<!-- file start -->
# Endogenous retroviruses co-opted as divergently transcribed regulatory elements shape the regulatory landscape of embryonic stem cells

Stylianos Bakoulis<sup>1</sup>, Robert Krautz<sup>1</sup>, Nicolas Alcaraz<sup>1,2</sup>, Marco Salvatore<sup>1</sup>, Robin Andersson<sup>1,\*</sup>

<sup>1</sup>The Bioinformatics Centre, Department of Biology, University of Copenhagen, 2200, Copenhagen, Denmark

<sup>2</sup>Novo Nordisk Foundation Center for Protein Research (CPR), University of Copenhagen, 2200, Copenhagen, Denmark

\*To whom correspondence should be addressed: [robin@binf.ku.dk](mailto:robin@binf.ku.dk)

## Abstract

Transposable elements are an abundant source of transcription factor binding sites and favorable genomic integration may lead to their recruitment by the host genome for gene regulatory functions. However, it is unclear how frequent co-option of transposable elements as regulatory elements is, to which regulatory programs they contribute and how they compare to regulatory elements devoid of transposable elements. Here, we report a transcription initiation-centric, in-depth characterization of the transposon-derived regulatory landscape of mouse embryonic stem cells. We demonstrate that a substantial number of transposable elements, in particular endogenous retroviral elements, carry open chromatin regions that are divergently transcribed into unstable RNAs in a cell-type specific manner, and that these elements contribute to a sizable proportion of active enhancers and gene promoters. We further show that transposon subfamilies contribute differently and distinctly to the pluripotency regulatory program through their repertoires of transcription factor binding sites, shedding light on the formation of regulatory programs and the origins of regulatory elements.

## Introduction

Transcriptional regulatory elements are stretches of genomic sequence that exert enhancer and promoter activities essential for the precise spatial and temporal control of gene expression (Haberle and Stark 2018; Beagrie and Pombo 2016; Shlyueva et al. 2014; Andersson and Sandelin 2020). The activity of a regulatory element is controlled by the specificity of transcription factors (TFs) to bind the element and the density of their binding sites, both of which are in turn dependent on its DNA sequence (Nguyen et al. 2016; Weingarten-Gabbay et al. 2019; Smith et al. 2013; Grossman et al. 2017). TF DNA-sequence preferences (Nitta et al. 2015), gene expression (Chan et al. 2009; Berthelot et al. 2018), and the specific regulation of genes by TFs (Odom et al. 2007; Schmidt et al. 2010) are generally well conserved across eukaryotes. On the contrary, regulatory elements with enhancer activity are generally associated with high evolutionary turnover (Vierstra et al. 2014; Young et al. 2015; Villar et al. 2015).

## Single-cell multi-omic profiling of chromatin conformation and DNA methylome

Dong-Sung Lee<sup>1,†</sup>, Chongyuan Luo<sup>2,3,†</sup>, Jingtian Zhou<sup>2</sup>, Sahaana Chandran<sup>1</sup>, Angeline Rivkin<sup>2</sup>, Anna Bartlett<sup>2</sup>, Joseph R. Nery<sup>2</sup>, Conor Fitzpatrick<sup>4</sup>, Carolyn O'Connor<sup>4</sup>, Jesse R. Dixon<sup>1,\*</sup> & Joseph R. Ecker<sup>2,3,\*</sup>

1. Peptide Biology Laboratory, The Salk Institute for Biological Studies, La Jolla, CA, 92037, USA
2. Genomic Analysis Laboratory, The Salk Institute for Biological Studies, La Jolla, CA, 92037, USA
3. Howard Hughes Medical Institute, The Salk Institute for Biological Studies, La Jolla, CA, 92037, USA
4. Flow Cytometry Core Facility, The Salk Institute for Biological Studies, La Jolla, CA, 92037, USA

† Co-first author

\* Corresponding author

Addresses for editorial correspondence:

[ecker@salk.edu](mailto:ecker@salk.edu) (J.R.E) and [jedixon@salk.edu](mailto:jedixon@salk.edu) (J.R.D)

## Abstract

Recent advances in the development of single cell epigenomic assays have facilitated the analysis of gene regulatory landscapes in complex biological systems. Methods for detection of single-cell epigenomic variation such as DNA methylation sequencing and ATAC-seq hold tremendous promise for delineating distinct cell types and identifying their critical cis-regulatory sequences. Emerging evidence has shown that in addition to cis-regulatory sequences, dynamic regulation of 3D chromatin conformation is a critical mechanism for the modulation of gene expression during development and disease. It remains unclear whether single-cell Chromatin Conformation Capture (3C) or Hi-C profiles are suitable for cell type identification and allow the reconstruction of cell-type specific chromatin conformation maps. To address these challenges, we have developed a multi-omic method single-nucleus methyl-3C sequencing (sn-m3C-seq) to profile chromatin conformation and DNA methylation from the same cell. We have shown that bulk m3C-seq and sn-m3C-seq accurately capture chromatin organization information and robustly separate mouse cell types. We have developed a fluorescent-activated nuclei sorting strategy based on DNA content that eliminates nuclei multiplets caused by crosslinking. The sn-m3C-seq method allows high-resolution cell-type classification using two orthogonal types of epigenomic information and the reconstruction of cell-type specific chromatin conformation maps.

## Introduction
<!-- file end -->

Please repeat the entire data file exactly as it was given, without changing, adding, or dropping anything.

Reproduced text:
# Endogenous retroviruses co-opted as divergently transcribed regulatory elements shape the regulatory landscape of embryonic stem cells

Stylianos Bakoulis<sup>1</sup>, Robert Krautz<sup>1</sup>, Nicolas Alcaraz<sup>1,2</sup>, Marco Salvatore<sup>1</sup>, Robin Andersson<sup>1,\*</sup>

<sup>1</sup>The Bioinformatics Centre, Department of Biology, University of Copenhagen, 2200, Copenhagen, Denmark

<sup>2</sup>Novo Nordisk Foundation Center for Protein Research (CPR), University of Copenhagen, 2200, Copenhagen, Denmark

\*To whom correspondence should be addressed: [robin@binf.ku.dk](mailto:robin@binf.ku.dk)

## Abstract

Transposable elements are an abundant source of transcription factor binding sites and favorable genomic integration may lead to their recruitment by the host genome for gene regulatory functions. However, it is unclear how frequent co-option of transposable elements as regulatory elements is, to which regulatory programs they contribute and how they compare to regulatory elements devoid of transposable elements. Here, we report a transcription initiation-centric, in-depth characterization of the transposon-derived regulatory landscape of mouse embryonic stem cells. We demonstrate that a substantial number of transposable elements, in particular endogenous retroviral elements, carry open chromatin regions that are divergently transcribed into unstable RNAs in a cell-type specific manner, and that these elements contribute to a sizable proportion of active enhancers and gene promoters. We further show that transposon subfamilies contribute differently and distinctly to the pluripotency regulatory program through their repertoires of transcription factor binding sites, shedding light on the formation of regulatory programs and the origins of regulatory elements.

## Introduction

Transcriptional regulatory elements are stretches of genomic sequence that exert enhancer and promoter activities essential for the precise spatial and temporal control of gene expression (Haberle and Stark 2018; Beagrie and Pombo 2016; Shlyueva et al. 2014; Andersson and Sandelin 2020). The activity of a regulatory element is controlled by the specificity of transcription factors (TFs) to bind the element and the density of their binding sites, both of which are in turn dependent on its DNA sequence (Nguyen et al. 2016; Weingarten-Gabbay et al. 2019; Smith et al. 2013; Grossman et al. 2017). TF DNA-sequence preferences (Nitta et al. 2015), gene expression (Chan et al. 2009; Berthelot et al. 2018), and the specific regulation of genes by TFs (Odom et al. 2007; Schmidt et al. 2010) are generally well conserved across eukaryotes. On the contrary, regulatory elements with enhancer activity are generally associated with high evolutionary turnover (Vierstra et al. 2014; Young et al. 2015; Villar et al. 2015).

## Single-cell multi-omic profiling of chromatin conformation and DNA methylome

Dong-Sung Lee<sup>1,†</sup>, Chongyuan Luo<sup>2,3,†</sup>, Jingtian Zhou<sup>2</sup>, Sahaana Chandran<sup>1</sup>, Angeline Rivkin<sup>2</sup>, Anna Bartlett<sup>2</sup>, Joseph R. Nery<sup>2</sup>, Conor Fitzpatrick<sup>4</sup>, Carolyn O'Connor<sup>4</sup>, Jesse R. Dixon<sup>1,\*</sup> & Joseph R. Ecker<sup>2,3,\*</sup>

1. Peptide Biology Laboratory, The Salk Institute for Biological Studies, La Jolla, CA, 92037, USA
2. Genomic Analysis Laboratory, The Salk Institute for Biological Studies, La Jolla, CA, 92037, USA
3. Howard Hughes Medical Institute, The Salk Institute for Biological Studies, La Jolla, CA, 92037, USA
4. Flow Cytometry Core Facility, The Salk Institute for Biological Studies, La Jolla, CA, 92037, USA

† Co-first author

\* Corresponding author

Addresses for editorial correspondence:

[ecker@salk.edu](mailto:ecker@salk.edu) (J.R.E) and [jedixon@salk.edu](mailto:jedixon@salk.edu) (J.R.D)

## Abstract

Recent advances in the development of single cell epigenomic assays have facilitated the analysis of gene regulatory landscapes in complex biological systems. Methods for detection of single-cell epigenomic variation such as DNA methylation sequencing and ATAC-seq hold tremendous promise for delineating distinct cell types and identifying their critical cis-regulatory sequences. Emerging evidence has shown that in addition to cis-regulatory sequences, dynamic regulation of 3D chromatin conformation is a critical mechanism for the modulation of gene expression during development and disease. It remains unclear whether single-cell Chromatin Conformation Capture (3C) or Hi-C profiles are suitable for cell type identification and allow the reconstruction of cell-type specific chromatin conformation maps. To address these challenges, we have developed a multi-omic method single-nucleus methyl-3C sequencing (sn-m3C-seq) to profile chromatin conformation and DNA methylation from the same cell. We have shown that bulk m3C-seq and sn-m3C-seq accurately capture chromatin organization information and robustly separate mouse cell types. We have developed a fluorescent-activated nuclei sorting strategy based on DNA content that eliminates nuclei multiplets caused by crosslinking. The sn-m3C-seq method allows high-resolution cell-type classification using two orthogonal types of epigenomic information and the reconstruction of cell-type specific chromatin conformation maps.

## Introduction